There is a good chance that if you asked a Linux administrator if they log onto their workstation with “root” you would get a very confused response. Why is this?
Root is essentially logging onto the system as the administrator: root has all the power, and anything that needs to be changed can be done as root, including breaking the entire system. Linux administrators rarely use root unless necessary. Their daily work is done with an account that has normal user privileges.
Surprisingly, this same respect for the administrator account does not always exist with Windows administrators. They may not log into the computer as “administrator,” the default Windows administrator account, but most likely with their own account that has the same privileges. If you ask a Windows administrator if they use two accounts, one privileged and one a normal user, the common answer is no.
Why is it important for administrators to have a normal account?
An account with administrative access has the power to make changes to a system. Those changes may be for good, such as updates, or for bad, such as opening a backdoor for an attacker to access the system. While an administrator would hopefully not do anything nefarious to his/her company’s systems purposefully, the act of using administrative accounts for daily activities can lead to just that.
When penetration testers are attempting to compromise a system, they are looking to “gain admin.” This is no different from a malicious attacker who also wants to gain administrative rights to a system or, even better, a network.
Allowing a systems administrator, especially one with Domain Administrator privileges, to access his/her e-mail and the Internet via their administrative account makes it easier for attackers to introduce malware via a phishing attack or gain those credentials by using impersonation, which is a very common attack in the Microsoft Windows environment.
What can be done to prevent account compromise?
When an organization is creating accounts and roles for its employees, most are familiar with the concept of least privilege, which is the idea of giving an individual access within the system to do only what is needed to fulfill the individual’s job duties.
For example, the mail room clerk is not going to be given access to payroll and engineers will not have access to Human Resources files. This logic needs to apply to Windows administrators as well.
When a person is logging into a workstation to do normal daily work, such as checking e-mail or surfing the Internet, or even troubleshooting, they should log on as a typical user. Then, when job circumstances require the individual to have privileged access, they should switch to a separate, privileged account to perform those tasks in the system.
Microsoft Windows has an option to allow commands to be run as an administrator with separate authentication if it is needed. This does several things:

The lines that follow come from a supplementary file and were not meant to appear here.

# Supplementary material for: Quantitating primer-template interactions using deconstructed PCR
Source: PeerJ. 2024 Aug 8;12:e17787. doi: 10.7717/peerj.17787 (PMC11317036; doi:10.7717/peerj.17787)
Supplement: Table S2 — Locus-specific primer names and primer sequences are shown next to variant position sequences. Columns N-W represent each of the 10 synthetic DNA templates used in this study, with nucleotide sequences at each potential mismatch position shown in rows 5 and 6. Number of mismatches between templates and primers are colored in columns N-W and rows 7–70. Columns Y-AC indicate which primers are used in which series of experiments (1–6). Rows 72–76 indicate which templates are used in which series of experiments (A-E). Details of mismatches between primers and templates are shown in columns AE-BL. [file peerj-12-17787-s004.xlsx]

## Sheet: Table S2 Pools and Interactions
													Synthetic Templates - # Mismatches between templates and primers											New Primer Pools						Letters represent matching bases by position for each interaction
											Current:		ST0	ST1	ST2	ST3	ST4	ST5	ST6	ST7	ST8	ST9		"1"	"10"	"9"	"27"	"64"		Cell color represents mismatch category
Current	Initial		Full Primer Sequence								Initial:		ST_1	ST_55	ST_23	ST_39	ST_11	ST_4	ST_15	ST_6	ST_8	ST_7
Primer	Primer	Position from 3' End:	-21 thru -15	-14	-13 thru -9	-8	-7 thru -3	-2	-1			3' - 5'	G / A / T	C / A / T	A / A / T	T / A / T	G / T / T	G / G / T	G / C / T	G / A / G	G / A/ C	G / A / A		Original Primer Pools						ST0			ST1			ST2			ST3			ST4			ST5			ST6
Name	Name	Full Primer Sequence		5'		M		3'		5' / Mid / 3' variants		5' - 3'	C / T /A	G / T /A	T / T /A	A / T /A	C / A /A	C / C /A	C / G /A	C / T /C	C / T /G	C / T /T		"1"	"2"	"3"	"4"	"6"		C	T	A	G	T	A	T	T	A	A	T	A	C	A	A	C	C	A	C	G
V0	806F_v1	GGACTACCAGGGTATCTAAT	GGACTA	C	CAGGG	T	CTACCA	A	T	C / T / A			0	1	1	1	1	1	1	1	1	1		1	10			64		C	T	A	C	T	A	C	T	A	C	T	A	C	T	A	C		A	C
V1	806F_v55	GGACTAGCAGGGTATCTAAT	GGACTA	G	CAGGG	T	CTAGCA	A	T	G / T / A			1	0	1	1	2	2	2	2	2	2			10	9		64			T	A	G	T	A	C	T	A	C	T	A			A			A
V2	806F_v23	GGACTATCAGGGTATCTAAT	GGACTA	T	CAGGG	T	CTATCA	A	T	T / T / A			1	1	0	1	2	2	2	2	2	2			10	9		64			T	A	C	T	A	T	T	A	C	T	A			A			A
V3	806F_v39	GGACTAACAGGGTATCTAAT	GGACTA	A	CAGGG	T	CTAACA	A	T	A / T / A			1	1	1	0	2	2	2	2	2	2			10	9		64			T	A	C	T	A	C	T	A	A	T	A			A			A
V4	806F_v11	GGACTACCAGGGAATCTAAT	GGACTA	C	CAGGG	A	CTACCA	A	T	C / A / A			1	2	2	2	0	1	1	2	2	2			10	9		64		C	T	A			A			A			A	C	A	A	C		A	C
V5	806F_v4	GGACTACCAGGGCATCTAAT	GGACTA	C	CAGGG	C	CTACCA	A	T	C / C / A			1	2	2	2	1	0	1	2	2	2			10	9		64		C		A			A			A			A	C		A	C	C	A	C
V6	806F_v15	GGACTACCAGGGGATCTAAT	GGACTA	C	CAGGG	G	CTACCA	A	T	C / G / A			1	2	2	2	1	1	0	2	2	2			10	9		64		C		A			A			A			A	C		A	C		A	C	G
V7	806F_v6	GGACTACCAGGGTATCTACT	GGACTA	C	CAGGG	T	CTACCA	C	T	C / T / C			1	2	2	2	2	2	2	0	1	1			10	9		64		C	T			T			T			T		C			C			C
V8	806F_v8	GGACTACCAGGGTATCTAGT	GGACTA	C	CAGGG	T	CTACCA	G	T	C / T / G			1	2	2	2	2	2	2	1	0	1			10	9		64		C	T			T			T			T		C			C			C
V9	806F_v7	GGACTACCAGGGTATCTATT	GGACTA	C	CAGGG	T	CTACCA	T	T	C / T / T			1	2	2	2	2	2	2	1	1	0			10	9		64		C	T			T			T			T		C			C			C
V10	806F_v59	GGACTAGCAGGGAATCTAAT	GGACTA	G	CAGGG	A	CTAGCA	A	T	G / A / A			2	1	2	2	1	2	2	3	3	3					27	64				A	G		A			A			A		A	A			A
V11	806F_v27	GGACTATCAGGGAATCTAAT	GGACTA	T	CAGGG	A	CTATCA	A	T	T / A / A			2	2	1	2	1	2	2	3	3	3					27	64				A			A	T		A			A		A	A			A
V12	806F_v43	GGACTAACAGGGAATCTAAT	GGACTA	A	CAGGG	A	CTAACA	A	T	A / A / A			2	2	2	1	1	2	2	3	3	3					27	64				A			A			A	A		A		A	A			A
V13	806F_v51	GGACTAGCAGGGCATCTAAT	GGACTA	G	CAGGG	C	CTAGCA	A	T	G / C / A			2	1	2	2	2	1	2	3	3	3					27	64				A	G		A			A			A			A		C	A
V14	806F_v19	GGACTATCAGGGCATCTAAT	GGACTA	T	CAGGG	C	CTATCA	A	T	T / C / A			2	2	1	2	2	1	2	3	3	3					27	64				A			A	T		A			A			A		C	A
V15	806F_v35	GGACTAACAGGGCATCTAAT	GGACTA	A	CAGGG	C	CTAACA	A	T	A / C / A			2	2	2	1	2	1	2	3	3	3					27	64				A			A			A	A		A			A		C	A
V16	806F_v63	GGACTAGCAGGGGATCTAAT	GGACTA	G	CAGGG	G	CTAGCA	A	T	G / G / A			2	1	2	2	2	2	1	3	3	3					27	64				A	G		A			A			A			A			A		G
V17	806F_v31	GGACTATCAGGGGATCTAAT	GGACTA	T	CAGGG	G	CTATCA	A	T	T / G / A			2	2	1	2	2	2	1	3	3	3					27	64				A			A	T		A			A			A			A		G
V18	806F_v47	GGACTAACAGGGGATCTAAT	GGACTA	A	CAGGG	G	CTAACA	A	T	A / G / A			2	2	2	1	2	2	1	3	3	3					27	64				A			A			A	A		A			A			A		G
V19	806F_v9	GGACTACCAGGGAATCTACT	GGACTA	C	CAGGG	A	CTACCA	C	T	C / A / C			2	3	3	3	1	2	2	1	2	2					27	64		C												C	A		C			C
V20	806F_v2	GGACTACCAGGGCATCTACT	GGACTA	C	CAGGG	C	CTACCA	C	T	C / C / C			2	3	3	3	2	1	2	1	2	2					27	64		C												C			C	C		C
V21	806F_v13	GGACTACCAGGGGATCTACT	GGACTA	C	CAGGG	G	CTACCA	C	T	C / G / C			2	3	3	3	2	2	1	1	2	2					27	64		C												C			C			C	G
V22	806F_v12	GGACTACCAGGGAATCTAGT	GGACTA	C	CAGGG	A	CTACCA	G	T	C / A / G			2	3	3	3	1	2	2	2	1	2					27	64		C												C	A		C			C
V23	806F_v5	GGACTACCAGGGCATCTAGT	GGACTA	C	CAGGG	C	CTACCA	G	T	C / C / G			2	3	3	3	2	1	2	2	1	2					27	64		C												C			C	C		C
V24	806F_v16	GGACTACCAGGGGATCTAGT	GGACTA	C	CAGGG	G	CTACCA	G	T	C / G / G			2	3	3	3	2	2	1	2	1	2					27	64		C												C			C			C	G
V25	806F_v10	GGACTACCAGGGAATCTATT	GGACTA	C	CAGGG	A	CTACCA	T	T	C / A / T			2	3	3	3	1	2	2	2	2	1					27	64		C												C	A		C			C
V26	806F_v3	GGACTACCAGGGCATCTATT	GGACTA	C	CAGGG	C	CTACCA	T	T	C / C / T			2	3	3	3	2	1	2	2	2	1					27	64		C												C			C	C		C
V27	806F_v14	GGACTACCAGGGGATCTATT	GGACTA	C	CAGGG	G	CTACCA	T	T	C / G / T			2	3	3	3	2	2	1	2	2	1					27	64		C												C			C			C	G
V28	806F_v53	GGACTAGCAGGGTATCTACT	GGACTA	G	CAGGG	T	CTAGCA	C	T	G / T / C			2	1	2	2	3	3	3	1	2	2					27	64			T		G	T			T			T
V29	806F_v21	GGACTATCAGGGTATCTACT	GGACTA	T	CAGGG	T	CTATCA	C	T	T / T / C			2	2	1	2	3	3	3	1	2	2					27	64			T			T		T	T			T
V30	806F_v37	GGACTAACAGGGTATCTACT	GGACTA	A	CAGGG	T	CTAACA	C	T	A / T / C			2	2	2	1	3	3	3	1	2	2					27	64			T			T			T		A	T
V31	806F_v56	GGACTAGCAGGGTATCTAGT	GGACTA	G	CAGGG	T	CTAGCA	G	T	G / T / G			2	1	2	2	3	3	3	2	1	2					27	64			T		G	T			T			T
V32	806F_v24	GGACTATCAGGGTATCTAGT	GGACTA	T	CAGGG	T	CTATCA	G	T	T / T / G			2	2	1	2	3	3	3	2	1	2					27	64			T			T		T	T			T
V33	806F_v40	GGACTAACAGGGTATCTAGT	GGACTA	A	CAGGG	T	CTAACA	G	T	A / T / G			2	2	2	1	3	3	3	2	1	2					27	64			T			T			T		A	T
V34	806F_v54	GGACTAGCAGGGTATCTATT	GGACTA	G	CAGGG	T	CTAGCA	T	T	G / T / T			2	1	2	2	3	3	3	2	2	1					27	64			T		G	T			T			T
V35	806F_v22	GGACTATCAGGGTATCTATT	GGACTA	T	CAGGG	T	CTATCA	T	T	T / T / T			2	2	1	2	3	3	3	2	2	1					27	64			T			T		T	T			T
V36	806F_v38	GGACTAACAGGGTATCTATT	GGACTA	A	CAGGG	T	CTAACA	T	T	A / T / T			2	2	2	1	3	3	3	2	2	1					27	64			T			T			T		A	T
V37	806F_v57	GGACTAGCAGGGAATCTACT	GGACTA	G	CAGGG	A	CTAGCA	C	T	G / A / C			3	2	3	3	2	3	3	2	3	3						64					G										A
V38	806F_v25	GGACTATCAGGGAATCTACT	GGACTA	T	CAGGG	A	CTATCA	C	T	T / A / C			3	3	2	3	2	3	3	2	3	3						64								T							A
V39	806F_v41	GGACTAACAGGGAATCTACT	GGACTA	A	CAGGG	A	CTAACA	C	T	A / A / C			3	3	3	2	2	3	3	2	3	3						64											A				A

- it ensures an administrator does not inadvertently make a change without knowing that is an administrative change (it does happen);
- it ensures the administrative credentials are only used for administrative tasks and
- it ensures that use of administrator privileges is appropriately logged within the system as evidence of the work performed.
How do you implement two separate accounts for administrators?
The hardest part of implementing privileged and non-privileged accounts for administrators is push back from the administrators themselves. They may make statements about two accounts slowing down their work or making them less productive, when in fact they already log into multiple systems a day and some systems may require different login credentials anyway, so one more login will not affect their productivity significantly.
The time and money it could save in dealing with attacks or mistakes made while using an administrator account would be less than a minor inconvenience in the short term that will become second nature in the long term.
They may also say it is impossible to do certain tasks, but that is not an excuse to always use administrative accounts for all activities. In fact, Microsoft introduced the “run as Administrator” option way back in Windows XP. It is still a feature in Windows 10, and it has been expanded upon to increase the protections around Administrator accounts.
Many administrators just want more control of their systems. However, the systems belong to the organization they support and need to be protected in the same way as a server especially since the administrator has direct access to more sensitive components on the network and using the same username and password combination weakens any security that is in place.
Start moving to the use of non-privileged accounts for all users, not just your standard employees, as soon as possible.
Many of the companies who turn to LBMC for penetration testing also take advantage of one or more of our other information security services—from risk assessments to intrusion detection and prevention. By sharing information across functional areas, we are able to ensure that our testers stay on top of the latest attack techniques, emerging threats, and creative defenses, which improves our assessment and testing techniques and the quality of the resulting threat intelligence we provide to our clients.